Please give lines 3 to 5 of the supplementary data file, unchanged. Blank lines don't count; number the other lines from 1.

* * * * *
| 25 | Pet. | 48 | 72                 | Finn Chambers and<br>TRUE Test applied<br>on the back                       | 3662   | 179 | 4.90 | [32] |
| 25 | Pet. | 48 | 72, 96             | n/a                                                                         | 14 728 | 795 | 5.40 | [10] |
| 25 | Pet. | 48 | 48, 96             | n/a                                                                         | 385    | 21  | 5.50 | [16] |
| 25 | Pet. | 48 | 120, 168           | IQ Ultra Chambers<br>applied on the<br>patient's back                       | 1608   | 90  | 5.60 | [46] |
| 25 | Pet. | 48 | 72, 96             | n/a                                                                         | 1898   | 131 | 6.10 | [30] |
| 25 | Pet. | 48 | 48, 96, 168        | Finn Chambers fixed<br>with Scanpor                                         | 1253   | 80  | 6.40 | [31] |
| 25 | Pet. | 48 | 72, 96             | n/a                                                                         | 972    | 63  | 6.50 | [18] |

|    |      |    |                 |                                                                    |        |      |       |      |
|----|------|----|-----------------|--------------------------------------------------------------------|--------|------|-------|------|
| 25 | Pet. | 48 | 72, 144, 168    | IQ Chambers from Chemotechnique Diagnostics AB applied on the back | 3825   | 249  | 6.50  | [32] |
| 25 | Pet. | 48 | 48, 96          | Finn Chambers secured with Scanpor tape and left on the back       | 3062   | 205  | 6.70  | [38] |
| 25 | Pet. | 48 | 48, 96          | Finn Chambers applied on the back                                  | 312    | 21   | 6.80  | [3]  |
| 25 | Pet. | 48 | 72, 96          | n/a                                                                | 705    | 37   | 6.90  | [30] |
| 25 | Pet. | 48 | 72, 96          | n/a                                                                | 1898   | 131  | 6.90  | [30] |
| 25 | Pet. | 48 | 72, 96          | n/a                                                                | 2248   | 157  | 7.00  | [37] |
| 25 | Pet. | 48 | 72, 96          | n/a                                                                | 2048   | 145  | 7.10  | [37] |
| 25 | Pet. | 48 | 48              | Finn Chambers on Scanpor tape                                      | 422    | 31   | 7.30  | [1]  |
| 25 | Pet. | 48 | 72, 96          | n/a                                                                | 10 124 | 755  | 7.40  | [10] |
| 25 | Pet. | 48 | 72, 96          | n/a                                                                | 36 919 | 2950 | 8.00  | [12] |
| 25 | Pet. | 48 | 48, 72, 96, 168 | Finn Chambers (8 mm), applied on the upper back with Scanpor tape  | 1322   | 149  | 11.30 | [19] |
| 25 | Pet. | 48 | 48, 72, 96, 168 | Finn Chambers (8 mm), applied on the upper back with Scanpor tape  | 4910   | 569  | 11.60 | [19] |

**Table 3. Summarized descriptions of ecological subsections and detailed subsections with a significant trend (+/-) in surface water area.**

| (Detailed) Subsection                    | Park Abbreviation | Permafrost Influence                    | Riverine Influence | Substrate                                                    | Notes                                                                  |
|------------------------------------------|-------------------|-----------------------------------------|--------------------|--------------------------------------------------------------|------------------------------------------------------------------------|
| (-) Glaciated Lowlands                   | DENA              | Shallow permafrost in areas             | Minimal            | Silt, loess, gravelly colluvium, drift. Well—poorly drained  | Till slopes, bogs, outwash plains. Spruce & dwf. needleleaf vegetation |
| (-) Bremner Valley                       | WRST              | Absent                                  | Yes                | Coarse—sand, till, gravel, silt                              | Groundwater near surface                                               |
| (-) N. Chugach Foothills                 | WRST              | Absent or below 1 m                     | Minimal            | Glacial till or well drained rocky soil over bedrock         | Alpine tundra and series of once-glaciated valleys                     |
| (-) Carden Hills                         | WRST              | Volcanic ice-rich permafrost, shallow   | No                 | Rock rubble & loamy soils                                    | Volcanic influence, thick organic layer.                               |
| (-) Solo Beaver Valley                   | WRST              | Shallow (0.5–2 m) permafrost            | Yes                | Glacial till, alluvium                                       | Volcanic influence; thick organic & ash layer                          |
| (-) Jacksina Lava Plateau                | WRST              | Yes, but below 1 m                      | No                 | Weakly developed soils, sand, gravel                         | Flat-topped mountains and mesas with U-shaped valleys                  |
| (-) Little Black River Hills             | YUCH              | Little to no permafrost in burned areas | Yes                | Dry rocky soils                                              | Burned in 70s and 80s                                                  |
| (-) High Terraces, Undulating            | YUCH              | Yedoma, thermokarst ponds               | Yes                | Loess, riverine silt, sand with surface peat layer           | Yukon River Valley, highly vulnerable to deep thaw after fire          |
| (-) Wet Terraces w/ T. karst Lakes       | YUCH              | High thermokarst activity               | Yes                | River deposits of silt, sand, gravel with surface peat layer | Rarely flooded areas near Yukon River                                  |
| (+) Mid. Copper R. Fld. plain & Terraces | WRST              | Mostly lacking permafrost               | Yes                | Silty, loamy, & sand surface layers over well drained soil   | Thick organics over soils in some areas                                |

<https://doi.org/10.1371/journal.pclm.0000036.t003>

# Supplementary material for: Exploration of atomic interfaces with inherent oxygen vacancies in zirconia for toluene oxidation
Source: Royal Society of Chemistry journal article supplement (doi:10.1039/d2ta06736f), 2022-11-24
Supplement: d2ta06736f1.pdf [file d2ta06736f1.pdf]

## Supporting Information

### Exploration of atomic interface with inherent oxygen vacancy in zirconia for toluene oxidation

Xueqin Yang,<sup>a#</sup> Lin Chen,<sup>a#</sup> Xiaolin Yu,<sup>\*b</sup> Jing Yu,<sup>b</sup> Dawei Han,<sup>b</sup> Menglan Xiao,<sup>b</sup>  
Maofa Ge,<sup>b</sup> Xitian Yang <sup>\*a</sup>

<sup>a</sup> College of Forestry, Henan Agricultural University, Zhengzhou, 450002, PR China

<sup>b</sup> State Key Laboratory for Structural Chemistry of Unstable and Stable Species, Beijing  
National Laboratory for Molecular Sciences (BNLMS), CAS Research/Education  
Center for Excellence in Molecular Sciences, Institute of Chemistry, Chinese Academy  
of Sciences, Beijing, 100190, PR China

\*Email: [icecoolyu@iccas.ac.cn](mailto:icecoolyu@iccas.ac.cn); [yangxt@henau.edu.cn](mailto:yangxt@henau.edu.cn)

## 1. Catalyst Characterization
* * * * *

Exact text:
| 25 | Pet. | 48 | 48, 96             | n/a                                                                         | 385    | 21  | 5.50 | [16] |
| 25 | Pet. | 48 | 120, 168           | IQ Ultra Chambers<br>applied on the<br>patient's back                       | 1608   | 90  | 5.60 | [46] |
| 25 | Pet. | 48 | 72, 96             | n/a                                                                         | 1898   | 131 | 6.10 | [30] |